Change, Self-love and the Price of Happiness

Lately, I wrote a lot about stillness; I talked about maintaining calm state of mind in a shaky world. This time I want to talk about flowing through stagnation, about the necessity of change in order to progress. I also want to talk about the challenges that drive us to make changes, the experiences that force us to adapt, the tragedies of our shaky self in this unbending world.

I found the path of Yoga after many years of practicing martial arts. The two practices are very different and for a while I found them complimentary to each other. Later, I let go of my martial arts practice and devoted my time entirely to Yoga. One thing I found similar in both practices, is the importance of change as a step to moving forward. In fact, this principle comes back to me in so many aspects of my life, not only in my practice.

My martial arts teacher used to say: ‘one must always start the battle with a well-practiced technique, but one can only win with a change.’ A warrior should practice with discipline and devotion, and aspire to master the most complicated fighting technique; it will push him through the battle with dignity. But to win, or move forward, something has to change. Chances are that if you have a suitable opponent, he knows the same technique you are working with. Or by observing you for a while during the battle, he can quickly learn your school of thought and remember which moves you have the most polished in your practice. So, to win you have to do something different, something that haven’t been done before in this battle. There must be an element of surprise. And it is a life-long practice to know how to create change and to adapt to the surprises your opponent, or life for that matter, throws at you.


A similar thing happens in our so-called peaceful practice on the Yoga mat. If we are getting used to practice the same postures and sequences, if we stick to only one preferred approach or style, we may perfect our technique in some aspects of the practice but we might lose the important ability to truly flow. Our practice needs to keep changing, evolving, so the body will keep learning to adapt and the mind will keep learning to accept. Saying that, there is nothing wrong with traditional doctrines, our mind just must remain open to the evolution of the practice. We should aspire to always learn something new, try postures that challenge our body and mind.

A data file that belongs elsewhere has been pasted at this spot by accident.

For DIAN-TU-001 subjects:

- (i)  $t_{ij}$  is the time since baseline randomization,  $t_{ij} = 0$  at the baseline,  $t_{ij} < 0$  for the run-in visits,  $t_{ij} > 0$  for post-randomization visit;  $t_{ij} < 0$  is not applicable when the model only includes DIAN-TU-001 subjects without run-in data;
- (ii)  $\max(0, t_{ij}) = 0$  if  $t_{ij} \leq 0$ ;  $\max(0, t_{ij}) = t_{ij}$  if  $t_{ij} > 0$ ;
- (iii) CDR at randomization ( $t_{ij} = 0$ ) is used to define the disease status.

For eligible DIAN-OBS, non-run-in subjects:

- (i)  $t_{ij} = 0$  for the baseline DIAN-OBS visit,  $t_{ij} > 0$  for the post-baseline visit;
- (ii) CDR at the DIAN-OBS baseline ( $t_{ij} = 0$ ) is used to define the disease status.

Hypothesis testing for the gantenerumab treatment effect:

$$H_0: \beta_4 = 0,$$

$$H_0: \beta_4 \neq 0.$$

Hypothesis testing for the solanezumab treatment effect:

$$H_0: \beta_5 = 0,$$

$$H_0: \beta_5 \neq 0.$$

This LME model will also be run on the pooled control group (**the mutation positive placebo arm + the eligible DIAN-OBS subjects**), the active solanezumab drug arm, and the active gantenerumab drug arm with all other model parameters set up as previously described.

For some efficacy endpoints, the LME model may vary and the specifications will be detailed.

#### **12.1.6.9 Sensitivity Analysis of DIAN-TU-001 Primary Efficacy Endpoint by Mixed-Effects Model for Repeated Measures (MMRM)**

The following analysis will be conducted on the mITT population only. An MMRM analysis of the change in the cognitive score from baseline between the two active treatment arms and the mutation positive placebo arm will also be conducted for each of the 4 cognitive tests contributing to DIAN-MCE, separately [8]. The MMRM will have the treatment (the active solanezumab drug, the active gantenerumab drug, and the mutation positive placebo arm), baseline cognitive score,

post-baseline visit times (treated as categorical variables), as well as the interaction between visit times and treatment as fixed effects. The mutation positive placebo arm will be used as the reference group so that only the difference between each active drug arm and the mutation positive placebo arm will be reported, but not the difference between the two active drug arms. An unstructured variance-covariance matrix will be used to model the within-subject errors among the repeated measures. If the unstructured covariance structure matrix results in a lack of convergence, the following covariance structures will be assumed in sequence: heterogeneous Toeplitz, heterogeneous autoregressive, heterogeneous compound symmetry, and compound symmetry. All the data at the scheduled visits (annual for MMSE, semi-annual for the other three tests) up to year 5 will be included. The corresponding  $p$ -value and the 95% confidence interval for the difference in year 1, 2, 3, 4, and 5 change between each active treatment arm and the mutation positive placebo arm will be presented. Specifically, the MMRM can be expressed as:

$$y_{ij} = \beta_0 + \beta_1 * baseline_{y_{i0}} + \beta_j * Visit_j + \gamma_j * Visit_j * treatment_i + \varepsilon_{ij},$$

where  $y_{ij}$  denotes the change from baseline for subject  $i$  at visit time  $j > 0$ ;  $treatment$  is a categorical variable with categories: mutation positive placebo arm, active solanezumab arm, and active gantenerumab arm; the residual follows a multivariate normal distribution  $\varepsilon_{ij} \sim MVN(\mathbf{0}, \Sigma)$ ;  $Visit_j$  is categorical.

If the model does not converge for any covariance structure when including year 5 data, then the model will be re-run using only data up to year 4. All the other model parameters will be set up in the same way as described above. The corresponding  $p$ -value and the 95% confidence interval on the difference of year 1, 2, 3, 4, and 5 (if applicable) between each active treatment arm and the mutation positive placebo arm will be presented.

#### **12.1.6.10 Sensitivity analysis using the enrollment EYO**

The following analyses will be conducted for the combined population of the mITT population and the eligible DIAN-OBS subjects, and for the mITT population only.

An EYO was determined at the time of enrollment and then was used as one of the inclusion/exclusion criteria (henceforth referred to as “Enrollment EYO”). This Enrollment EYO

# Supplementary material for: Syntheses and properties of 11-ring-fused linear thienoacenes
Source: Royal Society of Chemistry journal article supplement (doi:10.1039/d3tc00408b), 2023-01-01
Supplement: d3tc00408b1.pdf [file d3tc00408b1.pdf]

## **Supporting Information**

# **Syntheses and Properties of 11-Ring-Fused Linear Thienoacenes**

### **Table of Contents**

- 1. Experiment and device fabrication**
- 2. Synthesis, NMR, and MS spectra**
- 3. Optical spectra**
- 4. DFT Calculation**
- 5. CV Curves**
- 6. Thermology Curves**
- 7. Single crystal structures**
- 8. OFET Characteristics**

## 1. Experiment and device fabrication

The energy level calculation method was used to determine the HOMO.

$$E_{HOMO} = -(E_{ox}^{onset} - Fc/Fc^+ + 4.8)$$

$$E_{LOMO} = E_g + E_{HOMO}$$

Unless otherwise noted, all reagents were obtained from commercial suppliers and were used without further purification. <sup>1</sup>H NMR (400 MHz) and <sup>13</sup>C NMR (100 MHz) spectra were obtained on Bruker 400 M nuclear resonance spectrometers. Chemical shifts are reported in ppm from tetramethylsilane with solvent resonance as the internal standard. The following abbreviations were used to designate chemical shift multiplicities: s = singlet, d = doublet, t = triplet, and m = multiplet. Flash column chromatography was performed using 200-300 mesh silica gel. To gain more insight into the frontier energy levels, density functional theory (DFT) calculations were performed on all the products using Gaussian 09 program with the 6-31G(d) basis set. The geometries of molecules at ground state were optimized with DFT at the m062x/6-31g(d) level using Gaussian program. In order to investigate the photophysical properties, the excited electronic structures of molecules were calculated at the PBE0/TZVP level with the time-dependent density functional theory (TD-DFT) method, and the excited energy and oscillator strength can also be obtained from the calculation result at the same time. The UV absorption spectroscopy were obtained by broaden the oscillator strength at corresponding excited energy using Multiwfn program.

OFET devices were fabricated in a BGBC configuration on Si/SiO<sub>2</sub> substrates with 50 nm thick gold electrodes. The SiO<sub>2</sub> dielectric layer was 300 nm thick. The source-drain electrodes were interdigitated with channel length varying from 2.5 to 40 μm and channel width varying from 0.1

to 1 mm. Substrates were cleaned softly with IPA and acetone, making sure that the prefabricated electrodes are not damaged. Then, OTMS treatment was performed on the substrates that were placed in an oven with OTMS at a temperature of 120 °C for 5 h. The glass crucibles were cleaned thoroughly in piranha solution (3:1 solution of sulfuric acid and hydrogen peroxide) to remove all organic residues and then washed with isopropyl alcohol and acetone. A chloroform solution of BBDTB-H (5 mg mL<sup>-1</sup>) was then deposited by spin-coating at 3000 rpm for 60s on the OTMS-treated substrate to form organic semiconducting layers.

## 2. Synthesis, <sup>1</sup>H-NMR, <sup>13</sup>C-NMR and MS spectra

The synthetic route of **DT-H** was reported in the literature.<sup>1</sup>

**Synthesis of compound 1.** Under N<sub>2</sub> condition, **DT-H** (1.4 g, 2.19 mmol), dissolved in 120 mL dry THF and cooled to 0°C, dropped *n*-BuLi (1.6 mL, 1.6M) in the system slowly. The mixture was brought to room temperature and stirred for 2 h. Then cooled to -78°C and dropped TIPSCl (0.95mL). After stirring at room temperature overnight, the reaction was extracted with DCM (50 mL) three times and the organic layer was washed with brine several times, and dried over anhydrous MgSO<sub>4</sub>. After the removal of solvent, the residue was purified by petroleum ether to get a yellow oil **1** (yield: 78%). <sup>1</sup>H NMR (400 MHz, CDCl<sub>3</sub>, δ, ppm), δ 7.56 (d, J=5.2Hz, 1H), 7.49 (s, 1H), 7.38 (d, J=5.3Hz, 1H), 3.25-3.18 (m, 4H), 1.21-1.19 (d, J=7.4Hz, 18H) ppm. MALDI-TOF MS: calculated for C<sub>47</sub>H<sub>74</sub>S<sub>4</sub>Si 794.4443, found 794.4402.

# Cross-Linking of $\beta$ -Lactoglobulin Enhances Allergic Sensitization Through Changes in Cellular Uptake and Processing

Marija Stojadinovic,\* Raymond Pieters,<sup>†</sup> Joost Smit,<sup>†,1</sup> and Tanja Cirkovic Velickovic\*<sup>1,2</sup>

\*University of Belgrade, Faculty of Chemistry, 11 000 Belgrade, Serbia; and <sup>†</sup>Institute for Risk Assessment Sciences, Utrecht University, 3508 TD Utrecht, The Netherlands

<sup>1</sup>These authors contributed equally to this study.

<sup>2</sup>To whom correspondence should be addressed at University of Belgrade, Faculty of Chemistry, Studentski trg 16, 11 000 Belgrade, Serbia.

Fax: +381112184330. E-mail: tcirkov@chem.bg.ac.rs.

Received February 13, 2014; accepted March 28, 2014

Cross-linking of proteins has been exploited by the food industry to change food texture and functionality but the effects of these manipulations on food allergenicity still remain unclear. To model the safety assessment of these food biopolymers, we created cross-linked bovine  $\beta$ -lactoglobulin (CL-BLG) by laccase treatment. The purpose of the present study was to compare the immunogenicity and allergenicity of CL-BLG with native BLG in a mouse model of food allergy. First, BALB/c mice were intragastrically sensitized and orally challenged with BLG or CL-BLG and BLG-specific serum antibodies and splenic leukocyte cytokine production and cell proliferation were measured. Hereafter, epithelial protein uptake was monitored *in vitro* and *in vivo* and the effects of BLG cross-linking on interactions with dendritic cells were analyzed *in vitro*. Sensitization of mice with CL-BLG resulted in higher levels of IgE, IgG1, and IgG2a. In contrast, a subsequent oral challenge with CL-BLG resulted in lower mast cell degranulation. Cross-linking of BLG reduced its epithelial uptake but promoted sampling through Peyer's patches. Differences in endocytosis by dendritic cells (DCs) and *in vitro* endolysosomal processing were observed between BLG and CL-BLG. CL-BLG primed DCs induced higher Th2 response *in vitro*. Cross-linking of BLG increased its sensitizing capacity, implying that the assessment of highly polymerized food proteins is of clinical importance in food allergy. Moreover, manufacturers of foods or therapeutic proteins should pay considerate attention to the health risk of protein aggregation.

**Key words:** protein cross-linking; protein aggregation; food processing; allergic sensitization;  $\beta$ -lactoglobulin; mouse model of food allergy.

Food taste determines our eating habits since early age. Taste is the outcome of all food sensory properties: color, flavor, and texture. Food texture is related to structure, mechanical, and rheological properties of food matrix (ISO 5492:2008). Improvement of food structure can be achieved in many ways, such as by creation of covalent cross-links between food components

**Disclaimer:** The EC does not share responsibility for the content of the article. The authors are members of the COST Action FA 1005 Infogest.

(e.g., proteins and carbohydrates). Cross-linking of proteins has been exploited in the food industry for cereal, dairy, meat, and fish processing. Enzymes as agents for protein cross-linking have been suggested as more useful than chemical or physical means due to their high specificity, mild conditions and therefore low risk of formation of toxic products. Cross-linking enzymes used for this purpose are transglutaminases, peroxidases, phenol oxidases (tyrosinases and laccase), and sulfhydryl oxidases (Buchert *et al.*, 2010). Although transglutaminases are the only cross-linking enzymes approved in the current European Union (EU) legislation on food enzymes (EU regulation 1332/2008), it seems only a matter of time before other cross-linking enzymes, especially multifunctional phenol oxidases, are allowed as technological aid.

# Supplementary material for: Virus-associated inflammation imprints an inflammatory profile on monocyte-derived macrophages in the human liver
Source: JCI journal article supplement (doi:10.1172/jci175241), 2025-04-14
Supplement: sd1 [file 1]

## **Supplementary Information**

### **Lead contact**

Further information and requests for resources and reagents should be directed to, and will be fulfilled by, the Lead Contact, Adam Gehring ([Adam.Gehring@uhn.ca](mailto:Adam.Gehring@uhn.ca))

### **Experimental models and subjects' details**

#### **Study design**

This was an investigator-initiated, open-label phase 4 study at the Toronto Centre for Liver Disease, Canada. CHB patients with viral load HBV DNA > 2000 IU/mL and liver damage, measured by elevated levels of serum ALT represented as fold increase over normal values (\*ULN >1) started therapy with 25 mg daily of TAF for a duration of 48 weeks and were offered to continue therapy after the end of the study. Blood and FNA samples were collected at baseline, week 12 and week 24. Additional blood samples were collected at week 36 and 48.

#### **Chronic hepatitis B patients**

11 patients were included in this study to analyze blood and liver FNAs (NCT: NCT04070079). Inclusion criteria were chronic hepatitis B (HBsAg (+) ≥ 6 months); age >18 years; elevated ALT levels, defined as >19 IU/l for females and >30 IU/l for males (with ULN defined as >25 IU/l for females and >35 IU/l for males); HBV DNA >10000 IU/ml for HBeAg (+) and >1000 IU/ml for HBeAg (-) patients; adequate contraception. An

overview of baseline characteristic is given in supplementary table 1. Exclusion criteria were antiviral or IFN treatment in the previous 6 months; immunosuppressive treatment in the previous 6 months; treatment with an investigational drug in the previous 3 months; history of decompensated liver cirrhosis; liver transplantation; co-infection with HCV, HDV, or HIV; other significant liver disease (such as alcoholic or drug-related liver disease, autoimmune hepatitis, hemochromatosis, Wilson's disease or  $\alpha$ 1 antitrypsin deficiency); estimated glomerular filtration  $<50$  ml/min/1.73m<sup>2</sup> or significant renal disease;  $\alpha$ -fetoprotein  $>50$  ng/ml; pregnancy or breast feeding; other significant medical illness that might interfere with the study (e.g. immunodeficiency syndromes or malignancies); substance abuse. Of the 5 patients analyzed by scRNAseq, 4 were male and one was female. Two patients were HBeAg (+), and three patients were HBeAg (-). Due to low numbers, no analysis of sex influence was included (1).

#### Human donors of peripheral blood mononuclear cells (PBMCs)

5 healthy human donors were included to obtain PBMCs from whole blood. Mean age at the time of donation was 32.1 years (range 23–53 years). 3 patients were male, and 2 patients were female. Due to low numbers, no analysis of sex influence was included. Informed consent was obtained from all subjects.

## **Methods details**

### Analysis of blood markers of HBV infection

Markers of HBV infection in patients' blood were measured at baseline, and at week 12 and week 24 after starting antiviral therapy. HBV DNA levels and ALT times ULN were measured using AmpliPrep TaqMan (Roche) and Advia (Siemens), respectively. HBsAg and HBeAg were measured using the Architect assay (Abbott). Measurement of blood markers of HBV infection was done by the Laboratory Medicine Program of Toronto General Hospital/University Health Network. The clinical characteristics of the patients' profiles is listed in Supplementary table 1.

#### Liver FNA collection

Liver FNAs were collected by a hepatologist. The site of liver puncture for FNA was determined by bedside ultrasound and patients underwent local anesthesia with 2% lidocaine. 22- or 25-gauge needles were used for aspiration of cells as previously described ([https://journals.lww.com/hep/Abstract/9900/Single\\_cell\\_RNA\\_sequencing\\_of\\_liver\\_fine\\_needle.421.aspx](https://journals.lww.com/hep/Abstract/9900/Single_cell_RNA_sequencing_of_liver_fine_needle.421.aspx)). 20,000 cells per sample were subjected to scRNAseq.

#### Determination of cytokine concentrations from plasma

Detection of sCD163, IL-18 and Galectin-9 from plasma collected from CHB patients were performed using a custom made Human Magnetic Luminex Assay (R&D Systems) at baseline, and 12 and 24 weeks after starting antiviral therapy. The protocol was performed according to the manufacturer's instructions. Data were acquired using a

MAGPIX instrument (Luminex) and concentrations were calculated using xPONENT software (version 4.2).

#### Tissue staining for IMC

We practice Yoga to gain better connection with our body, and connections always strengthen through challenges. We are trying to build a better relationship with our self, and it is through challenges and hard experiences that relationships are built and grow into love. Love can mean: romance, trust, friendship or self-love.


It brings me to the second thing I wanted to discuss in this article: the price of self-love or contentment or happiness or success. Self-love is easier to obtain if it is earned by suffering. The sufferings that earn us a connection to the body can be only as bad as a painful stretch or a dizzy cardio breath; in the worst-case-scenario, we pass through an injury or illness as a step to understanding our body. But the true connection to our own, deeper self, the contentment with our own character, the confidence to be ourselves, is usually gained by much graver challenges, such as: traumas, tragedies and truly overwhelming experiences. It is the real, brutal hardships that push us to change and teach us to move on. Unfortunately, those whom I notice to authentically love themselves the most are those I know to have been through the hardest traumas. (Let’s differentiate here compassionate, authentic self-love from pure arrogance)

 It seems to me that we either earn self-love through hardships or live with a constant self-doubt: why is it that I have everything but I am still not happy? These two troubles are completely opposite and none of them is easier to bear than the other: we either grateful for knowing the worst is behind us, living side by side with darkness, or we are unsatisfied. 

So why can’t we be healthy and happy and content? Dostoyevsky in his novel, Idiot asks the question: is it better to be ignorant and happy? Or to know and suffer? But ‘the ignorant’ still have their share of pain and the ones who know are holding on to solace or redemption that is deeper than simple happiness. There is a sort of acceptance, a sense of self-worth after overcoming a tragedy that those who hold the lucky cards can’t have.

There are no journeys on this earth which are free of pain. Each experience has its price and its rewards. I wish us all to honour the paths that were chosen for us, they are all connected and are here for a reason. Let’s make our journey through life, on and off the mat, an experience of moving forward: through change and pain and acceptance and gratitude.

Namaste!